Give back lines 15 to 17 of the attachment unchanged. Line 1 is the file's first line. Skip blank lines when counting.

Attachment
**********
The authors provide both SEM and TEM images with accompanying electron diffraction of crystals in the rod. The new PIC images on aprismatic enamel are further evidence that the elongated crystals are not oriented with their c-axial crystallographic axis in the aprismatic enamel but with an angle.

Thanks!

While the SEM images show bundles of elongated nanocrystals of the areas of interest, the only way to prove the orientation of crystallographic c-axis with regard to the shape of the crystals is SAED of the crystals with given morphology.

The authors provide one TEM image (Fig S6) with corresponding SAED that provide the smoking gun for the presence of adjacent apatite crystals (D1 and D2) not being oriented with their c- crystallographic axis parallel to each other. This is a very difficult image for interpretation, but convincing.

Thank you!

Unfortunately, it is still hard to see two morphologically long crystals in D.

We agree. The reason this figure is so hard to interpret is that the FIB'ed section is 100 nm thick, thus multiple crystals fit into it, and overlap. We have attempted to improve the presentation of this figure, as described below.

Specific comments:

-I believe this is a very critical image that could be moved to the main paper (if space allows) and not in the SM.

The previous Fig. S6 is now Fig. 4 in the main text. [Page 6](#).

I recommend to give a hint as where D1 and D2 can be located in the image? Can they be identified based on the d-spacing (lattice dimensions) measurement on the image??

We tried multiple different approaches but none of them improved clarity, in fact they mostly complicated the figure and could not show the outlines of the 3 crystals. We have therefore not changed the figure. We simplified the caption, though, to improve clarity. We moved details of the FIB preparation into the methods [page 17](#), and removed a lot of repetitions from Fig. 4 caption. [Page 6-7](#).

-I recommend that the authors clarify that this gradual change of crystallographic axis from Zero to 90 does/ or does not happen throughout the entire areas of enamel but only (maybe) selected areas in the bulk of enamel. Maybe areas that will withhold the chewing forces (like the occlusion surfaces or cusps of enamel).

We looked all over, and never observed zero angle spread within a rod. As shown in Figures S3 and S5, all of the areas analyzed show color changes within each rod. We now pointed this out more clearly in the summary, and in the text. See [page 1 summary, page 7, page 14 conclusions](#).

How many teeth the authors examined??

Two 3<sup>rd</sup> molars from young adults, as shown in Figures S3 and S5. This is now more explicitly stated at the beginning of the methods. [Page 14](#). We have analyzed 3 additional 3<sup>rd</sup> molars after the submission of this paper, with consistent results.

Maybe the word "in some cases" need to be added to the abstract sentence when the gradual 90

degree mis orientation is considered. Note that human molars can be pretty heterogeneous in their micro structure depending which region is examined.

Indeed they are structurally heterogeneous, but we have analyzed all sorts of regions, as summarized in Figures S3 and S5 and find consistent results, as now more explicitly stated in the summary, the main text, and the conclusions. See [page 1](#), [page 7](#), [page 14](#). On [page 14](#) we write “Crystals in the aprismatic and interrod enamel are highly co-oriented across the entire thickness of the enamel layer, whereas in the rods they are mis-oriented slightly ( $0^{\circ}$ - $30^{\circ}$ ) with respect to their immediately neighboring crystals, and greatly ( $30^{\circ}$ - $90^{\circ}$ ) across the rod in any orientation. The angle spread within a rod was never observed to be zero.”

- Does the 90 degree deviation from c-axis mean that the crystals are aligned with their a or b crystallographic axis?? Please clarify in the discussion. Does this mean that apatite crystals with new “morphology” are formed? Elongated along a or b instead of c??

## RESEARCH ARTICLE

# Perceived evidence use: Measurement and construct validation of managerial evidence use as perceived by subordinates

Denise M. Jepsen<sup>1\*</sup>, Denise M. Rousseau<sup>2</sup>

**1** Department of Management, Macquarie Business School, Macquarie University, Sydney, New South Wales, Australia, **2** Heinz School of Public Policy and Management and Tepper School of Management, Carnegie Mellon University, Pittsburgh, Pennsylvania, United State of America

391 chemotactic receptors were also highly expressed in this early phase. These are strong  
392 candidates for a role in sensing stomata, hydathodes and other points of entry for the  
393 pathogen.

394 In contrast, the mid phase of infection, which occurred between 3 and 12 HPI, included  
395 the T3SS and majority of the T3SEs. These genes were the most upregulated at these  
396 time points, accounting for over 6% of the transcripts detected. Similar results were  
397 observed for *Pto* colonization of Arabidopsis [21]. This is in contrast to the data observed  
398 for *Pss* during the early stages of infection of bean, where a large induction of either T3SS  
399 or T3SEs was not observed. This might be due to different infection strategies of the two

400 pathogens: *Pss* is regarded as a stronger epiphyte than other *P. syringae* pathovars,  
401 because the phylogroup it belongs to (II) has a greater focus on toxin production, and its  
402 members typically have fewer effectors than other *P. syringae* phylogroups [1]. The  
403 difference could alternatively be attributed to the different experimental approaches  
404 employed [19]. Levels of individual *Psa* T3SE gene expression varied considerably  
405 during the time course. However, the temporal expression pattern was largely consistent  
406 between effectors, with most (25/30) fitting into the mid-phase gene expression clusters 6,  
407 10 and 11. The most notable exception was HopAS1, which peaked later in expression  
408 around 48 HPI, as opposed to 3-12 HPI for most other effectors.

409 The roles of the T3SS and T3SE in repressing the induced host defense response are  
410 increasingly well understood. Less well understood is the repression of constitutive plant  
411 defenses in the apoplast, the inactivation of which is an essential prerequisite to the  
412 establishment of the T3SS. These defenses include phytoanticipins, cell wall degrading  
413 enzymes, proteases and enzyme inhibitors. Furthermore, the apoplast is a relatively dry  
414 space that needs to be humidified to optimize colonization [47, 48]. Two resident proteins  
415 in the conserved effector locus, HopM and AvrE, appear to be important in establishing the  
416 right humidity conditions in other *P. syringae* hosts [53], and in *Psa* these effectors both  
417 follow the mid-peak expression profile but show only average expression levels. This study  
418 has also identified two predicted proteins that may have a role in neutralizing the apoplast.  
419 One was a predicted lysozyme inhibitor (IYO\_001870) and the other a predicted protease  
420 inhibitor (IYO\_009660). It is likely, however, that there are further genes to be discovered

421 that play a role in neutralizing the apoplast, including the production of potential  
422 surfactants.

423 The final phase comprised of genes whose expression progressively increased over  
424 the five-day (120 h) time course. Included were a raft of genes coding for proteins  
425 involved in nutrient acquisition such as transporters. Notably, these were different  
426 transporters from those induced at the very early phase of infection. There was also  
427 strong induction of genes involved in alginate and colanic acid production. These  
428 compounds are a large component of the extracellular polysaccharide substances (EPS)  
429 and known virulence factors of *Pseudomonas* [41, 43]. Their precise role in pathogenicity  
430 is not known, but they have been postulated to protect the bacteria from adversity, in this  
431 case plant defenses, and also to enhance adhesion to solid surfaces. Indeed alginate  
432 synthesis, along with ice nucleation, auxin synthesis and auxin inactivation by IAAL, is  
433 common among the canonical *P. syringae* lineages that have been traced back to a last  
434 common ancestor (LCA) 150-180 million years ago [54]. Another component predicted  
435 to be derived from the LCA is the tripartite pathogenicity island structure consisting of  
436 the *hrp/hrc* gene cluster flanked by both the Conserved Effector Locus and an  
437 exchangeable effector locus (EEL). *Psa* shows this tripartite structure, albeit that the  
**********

How many teeth the authors examined??

Two 3<sup>rd</sup> molars from young adults, as shown in Figures S3 and S5. This is now more explicitly stated at the beginning of the methods. [Page 14](#). We have analyzed 3 additional 3<sup>rd</sup> molars after the submission of this paper, with consistent results.

Maybe the word "in some cases" need to be added to the abstract sentence when the gradual 90